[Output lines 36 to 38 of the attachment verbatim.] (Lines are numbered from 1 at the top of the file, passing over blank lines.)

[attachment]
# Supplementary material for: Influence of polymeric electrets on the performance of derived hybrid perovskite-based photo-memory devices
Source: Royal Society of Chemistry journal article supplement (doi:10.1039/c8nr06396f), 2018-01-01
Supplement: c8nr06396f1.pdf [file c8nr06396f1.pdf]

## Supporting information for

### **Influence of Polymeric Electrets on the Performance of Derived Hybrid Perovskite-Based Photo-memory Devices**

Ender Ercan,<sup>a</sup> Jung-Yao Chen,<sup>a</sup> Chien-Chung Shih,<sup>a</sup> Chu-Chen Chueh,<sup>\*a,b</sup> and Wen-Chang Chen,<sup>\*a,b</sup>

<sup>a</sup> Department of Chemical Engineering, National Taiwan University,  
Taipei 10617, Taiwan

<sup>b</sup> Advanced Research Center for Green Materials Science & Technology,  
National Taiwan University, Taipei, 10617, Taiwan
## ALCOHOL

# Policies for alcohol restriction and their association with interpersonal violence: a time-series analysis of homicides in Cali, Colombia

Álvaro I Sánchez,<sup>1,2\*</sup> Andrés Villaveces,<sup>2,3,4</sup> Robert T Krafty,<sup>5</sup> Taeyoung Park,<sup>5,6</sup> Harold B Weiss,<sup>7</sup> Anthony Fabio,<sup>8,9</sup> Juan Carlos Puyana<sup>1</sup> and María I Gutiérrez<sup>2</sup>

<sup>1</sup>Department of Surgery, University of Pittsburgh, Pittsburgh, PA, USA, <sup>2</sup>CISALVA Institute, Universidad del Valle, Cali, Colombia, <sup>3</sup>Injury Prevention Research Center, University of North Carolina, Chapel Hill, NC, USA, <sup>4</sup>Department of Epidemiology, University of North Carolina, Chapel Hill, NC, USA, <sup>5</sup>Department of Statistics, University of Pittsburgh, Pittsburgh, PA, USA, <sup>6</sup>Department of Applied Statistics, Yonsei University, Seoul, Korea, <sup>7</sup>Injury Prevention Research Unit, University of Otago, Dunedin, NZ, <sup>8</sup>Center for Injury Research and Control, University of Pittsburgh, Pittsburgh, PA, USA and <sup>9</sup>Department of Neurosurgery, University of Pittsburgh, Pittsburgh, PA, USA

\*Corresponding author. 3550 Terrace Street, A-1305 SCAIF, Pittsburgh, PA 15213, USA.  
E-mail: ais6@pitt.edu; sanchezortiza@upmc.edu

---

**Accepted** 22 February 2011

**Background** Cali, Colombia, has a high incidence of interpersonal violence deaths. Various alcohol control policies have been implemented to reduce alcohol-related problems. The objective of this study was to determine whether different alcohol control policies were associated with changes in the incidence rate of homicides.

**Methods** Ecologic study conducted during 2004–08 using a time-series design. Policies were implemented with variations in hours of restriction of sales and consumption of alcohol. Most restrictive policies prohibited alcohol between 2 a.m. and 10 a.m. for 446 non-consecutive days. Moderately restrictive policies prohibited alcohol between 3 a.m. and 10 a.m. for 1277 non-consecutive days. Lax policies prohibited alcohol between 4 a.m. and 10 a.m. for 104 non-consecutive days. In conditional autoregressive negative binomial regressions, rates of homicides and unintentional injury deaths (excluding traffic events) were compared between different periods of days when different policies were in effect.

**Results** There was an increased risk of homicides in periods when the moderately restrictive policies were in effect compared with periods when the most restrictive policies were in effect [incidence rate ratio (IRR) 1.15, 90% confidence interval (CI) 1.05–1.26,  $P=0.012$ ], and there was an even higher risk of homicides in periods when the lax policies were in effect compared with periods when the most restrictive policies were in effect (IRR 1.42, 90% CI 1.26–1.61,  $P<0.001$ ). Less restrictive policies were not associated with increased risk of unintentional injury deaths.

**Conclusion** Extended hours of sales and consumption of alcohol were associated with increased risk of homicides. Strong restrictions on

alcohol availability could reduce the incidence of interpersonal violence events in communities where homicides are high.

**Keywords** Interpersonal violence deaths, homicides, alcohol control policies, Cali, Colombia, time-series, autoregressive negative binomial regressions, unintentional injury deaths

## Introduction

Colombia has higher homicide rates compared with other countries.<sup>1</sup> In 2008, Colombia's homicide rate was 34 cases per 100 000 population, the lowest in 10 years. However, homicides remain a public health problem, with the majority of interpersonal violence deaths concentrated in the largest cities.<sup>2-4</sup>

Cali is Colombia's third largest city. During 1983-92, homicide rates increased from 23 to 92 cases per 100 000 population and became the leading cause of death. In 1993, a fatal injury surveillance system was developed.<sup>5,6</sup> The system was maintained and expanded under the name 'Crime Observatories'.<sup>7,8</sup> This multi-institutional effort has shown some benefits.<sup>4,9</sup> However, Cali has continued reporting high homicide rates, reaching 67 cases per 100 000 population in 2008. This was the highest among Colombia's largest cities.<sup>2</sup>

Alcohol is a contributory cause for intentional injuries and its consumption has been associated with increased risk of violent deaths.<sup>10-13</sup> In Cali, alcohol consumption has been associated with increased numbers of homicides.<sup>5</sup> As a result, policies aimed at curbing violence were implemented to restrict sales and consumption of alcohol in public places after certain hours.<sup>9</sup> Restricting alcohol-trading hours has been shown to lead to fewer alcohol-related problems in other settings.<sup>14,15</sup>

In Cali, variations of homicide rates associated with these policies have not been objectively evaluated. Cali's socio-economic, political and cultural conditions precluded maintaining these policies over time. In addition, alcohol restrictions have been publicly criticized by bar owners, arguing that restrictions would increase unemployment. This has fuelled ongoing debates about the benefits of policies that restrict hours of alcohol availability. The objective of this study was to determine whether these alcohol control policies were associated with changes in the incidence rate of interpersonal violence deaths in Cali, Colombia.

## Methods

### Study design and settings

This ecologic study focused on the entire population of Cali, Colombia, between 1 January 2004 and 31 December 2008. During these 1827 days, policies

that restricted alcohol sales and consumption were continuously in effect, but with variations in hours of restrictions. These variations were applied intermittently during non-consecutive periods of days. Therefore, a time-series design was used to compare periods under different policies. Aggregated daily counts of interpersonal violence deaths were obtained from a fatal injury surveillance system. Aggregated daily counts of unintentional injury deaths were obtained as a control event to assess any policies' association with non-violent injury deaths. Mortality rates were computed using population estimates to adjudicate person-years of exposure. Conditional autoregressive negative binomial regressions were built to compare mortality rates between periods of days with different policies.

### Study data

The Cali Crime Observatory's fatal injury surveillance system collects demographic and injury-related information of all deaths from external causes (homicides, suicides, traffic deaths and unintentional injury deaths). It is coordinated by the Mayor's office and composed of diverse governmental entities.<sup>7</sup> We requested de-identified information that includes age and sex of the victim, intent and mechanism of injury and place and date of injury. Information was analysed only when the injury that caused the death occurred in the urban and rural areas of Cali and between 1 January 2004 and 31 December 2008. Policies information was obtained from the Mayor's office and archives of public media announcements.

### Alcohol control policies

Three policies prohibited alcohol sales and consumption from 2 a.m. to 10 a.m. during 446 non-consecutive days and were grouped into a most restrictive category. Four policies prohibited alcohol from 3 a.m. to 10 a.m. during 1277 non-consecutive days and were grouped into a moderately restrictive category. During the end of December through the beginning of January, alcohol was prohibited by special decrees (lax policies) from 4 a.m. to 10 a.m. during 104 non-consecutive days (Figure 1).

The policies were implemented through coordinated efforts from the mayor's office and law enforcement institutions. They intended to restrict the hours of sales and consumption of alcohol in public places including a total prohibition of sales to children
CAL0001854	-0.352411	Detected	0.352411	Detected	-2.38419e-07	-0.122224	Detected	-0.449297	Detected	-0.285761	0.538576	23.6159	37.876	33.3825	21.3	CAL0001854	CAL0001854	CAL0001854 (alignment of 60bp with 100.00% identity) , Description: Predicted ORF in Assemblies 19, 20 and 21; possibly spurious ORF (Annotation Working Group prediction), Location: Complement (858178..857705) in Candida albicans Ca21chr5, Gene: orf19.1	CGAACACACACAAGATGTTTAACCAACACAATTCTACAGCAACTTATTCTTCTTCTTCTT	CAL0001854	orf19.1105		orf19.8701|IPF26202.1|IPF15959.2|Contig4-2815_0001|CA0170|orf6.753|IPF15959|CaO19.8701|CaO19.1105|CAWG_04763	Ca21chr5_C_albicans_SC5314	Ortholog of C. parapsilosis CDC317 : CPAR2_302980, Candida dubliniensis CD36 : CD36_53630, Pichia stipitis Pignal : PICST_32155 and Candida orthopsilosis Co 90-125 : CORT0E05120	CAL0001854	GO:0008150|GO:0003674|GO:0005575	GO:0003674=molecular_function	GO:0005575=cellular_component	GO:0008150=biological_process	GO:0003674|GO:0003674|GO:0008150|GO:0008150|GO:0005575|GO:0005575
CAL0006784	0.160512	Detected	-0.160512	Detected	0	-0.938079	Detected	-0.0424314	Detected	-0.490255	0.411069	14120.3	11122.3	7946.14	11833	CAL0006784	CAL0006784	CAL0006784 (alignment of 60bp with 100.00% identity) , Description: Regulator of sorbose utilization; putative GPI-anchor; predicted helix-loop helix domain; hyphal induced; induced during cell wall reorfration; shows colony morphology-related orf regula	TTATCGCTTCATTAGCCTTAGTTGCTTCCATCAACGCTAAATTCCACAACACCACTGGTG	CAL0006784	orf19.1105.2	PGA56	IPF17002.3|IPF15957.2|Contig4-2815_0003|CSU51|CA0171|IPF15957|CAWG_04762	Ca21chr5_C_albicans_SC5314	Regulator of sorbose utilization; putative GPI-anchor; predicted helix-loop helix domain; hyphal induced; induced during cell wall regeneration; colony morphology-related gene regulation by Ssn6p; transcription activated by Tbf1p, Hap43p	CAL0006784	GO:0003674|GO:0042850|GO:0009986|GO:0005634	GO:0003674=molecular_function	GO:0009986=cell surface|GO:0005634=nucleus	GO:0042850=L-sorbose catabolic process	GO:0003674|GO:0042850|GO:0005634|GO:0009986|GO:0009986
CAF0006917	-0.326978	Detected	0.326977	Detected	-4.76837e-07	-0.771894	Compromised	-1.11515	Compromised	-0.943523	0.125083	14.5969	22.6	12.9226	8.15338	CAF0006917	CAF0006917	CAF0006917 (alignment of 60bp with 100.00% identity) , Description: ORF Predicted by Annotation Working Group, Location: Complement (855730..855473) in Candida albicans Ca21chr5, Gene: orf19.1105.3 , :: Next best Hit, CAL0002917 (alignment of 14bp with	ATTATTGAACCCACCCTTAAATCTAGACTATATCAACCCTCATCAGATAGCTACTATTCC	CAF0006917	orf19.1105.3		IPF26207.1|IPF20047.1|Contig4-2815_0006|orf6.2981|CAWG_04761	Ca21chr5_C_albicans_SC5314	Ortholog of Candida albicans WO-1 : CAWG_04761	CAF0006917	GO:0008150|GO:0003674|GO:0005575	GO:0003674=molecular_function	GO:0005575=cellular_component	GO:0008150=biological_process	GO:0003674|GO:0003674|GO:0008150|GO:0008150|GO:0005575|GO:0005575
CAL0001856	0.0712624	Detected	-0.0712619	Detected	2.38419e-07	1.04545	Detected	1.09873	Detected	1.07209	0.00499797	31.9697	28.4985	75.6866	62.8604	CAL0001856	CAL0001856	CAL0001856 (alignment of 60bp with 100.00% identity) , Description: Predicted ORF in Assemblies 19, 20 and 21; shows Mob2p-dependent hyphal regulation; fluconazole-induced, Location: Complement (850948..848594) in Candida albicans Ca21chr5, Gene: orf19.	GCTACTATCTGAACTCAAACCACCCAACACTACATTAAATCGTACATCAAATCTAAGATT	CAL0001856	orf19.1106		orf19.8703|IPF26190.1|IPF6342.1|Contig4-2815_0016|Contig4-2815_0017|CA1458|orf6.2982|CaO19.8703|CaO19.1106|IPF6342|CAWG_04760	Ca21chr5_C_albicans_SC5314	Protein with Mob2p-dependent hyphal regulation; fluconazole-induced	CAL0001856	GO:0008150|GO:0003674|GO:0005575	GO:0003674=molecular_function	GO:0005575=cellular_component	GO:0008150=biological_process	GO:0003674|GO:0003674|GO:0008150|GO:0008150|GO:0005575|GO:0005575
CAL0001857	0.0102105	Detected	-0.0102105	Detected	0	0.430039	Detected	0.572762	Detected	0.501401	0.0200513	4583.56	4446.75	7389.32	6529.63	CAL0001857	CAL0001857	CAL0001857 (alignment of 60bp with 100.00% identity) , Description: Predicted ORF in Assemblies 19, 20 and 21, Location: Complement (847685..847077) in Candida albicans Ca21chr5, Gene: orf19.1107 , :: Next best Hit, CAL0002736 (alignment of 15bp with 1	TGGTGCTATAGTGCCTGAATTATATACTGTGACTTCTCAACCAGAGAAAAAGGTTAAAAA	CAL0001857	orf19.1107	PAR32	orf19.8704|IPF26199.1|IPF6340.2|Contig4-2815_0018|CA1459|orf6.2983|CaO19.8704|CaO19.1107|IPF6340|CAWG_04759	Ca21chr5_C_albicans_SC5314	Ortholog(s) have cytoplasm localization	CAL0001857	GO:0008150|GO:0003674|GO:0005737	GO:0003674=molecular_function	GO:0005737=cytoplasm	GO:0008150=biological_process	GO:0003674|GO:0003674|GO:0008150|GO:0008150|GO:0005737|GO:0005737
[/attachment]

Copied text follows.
### Alcohol control policies

Three policies prohibited alcohol sales and consumption from 2 a.m. to 10 a.m. during 446 non-consecutive days and were grouped into a most restrictive category. Four policies prohibited alcohol from 3 a.m. to 10 a.m. during 1277 non-consecutive days and were grouped into a moderately restrictive category. During the end of December through the beginning of January, alcohol was prohibited by special decrees (lax policies) from 4 a.m. to 10 a.m. during 104 non-consecutive days (Figure 1).

The policies were implemented through coordinated efforts from the mayor's office and law enforcement institutions. They intended to restrict the hours of sales and consumption of alcohol in public places including a total prohibition of sales to children